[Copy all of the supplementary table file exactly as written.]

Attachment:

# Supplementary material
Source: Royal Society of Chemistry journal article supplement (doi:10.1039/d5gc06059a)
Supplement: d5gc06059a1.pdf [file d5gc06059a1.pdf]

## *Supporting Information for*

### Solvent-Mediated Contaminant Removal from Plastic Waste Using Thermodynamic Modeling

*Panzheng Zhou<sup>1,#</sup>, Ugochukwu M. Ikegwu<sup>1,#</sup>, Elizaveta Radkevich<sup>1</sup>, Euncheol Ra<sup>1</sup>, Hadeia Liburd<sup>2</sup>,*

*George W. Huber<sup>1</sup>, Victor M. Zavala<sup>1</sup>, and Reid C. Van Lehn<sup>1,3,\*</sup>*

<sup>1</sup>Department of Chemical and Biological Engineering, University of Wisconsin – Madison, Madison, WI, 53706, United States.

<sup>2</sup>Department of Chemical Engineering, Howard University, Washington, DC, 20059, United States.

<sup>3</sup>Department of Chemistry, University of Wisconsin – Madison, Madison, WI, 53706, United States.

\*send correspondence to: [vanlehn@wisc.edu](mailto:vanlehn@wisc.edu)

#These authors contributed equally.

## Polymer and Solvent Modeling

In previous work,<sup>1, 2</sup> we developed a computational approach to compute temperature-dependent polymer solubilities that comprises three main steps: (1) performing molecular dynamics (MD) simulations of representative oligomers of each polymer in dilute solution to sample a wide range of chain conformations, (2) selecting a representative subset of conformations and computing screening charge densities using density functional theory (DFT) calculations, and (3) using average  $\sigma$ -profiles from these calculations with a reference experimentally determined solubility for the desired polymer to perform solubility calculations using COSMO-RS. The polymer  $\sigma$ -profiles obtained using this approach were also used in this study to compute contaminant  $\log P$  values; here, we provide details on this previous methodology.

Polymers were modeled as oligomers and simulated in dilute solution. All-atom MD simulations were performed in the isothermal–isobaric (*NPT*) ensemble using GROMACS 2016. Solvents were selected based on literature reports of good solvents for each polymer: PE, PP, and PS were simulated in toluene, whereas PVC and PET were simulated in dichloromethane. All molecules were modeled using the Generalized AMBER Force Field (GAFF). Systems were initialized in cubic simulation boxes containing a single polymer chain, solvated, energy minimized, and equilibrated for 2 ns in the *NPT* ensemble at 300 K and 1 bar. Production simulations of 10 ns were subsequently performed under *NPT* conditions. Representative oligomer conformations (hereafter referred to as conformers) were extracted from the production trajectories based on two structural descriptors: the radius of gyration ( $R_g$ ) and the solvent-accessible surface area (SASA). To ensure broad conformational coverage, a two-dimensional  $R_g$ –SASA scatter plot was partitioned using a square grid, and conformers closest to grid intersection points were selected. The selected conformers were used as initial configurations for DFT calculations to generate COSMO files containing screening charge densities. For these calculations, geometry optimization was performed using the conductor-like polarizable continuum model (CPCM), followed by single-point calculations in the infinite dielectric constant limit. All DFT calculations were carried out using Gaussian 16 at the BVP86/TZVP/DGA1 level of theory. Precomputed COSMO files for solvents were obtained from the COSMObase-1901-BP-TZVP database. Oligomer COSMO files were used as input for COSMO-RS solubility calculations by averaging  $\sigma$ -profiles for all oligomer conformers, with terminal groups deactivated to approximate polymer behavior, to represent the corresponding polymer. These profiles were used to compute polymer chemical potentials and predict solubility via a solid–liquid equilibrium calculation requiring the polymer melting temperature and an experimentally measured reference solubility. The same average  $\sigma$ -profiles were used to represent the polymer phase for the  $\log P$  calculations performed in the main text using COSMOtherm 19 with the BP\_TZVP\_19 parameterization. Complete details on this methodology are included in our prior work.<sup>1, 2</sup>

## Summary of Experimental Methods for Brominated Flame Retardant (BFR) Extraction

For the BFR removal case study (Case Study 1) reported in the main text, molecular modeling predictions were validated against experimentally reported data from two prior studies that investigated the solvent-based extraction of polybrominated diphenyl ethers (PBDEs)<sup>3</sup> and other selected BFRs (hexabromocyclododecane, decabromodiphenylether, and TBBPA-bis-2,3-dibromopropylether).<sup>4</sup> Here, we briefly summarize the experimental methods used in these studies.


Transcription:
# Supplementary material
Source: Royal Society of Chemistry journal article supplement (doi:10.1039/d5gc06059a)
Supplement: d5gc06059a1.pdf [file d5gc06059a1.pdf]

## *Supporting Information for*

### Solvent-Mediated Contaminant Removal from Plastic Waste Using Thermodynamic Modeling

*Panzheng Zhou<sup>1,#</sup>, Ugochukwu M. Ikegwu<sup>1,#</sup>, Elizaveta Radkevich<sup>1</sup>, Euncheol Ra<sup>1</sup>, Hadeia Liburd<sup>2</sup>,*

*George W. Huber<sup>1</sup>, Victor M. Zavala<sup>1</sup>, and Reid C. Van Lehn<sup>1,3,\*</sup>*

<sup>1</sup>Department of Chemical and Biological Engineering, University of Wisconsin – Madison, Madison, WI, 53706, United States.

<sup>2</sup>Department of Chemical Engineering, Howard University, Washington, DC, 20059, United States.

<sup>3</sup>Department of Chemistry, University of Wisconsin – Madison, Madison, WI, 53706, United States.

\*send correspondence to: [vanlehn@wisc.edu](mailto:vanlehn@wisc.edu)

#These authors contributed equally.

## Polymer and Solvent Modeling

In previous work,<sup>1, 2</sup> we developed a computational approach to compute temperature-dependent polymer solubilities that comprises three main steps: (1) performing molecular dynamics (MD) simulations of representative oligomers of each polymer in dilute solution to sample a wide range of chain conformations, (2) selecting a representative subset of conformations and computing screening charge densities using density functional theory (DFT) calculations, and (3) using average  $\sigma$ -profiles from these calculations with a reference experimentally determined solubility for the desired polymer to perform solubility calculations using COSMO-RS. The polymer  $\sigma$ -profiles obtained using this approach were also used in this study to compute contaminant  $\log P$  values; here, we provide details on this previous methodology.

Polymers were modeled as oligomers and simulated in dilute solution. All-atom MD simulations were performed in the isothermal–isobaric (*NPT*) ensemble using GROMACS 2016. Solvents were selected based on literature reports of good solvents for each polymer: PE, PP, and PS were simulated in toluene, whereas PVC and PET were simulated in dichloromethane. All molecules were modeled using the Generalized AMBER Force Field (GAFF). Systems were initialized in cubic simulation boxes containing a single polymer chain, solvated, energy minimized, and equilibrated for 2 ns in the *NPT* ensemble at 300 K and 1 bar. Production simulations of 10 ns were subsequently performed under *NPT* conditions. Representative oligomer conformations (hereafter referred to as conformers) were extracted from the production trajectories based on two structural descriptors: the radius of gyration ( $R_g$ ) and the solvent-accessible surface area (SASA). To ensure broad conformational coverage, a two-dimensional  $R_g$ –SASA scatter plot was partitioned using a square grid, and conformers closest to grid intersection points were selected. The selected conformers were used as initial configurations for DFT calculations to generate COSMO files containing screening charge densities. For these calculations, geometry optimization was performed using the conductor-like polarizable continuum model (CPCM), followed by single-point calculations in the infinite dielectric constant limit. All DFT calculations were carried out using Gaussian 16 at the BVP86/TZVP/DGA1 level of theory. Precomputed COSMO files for solvents were obtained from the COSMObase-1901-BP-TZVP database. Oligomer COSMO files were used as input for COSMO-RS solubility calculations by averaging  $\sigma$ -profiles for all oligomer conformers, with terminal groups deactivated to approximate polymer behavior, to represent the corresponding polymer. These profiles were used to compute polymer chemical potentials and predict solubility via a solid–liquid equilibrium calculation requiring the polymer melting temperature and an experimentally measured reference solubility. The same average  $\sigma$ -profiles were used to represent the polymer phase for the  $\log P$  calculations performed in the main text using COSMOtherm 19 with the BP\_TZVP\_19 parameterization. Complete details on this methodology are included in our prior work.<sup>1, 2</sup>

## Summary of Experimental Methods for Brominated Flame Retardant (BFR) Extraction

For the BFR removal case study (Case Study 1) reported in the main text, molecular modeling predictions were validated against experimentally reported data from two prior studies that investigated the solvent-based extraction of polybrominated diphenyl ethers (PBDEs)<sup>3</sup> and other selected BFRs (hexabromocyclododecane, decabromodiphenylether, and TBBPA-bis-2,3-dibromopropylether).<sup>4</sup> Here, we briefly summarize the experimental methods used in these studies.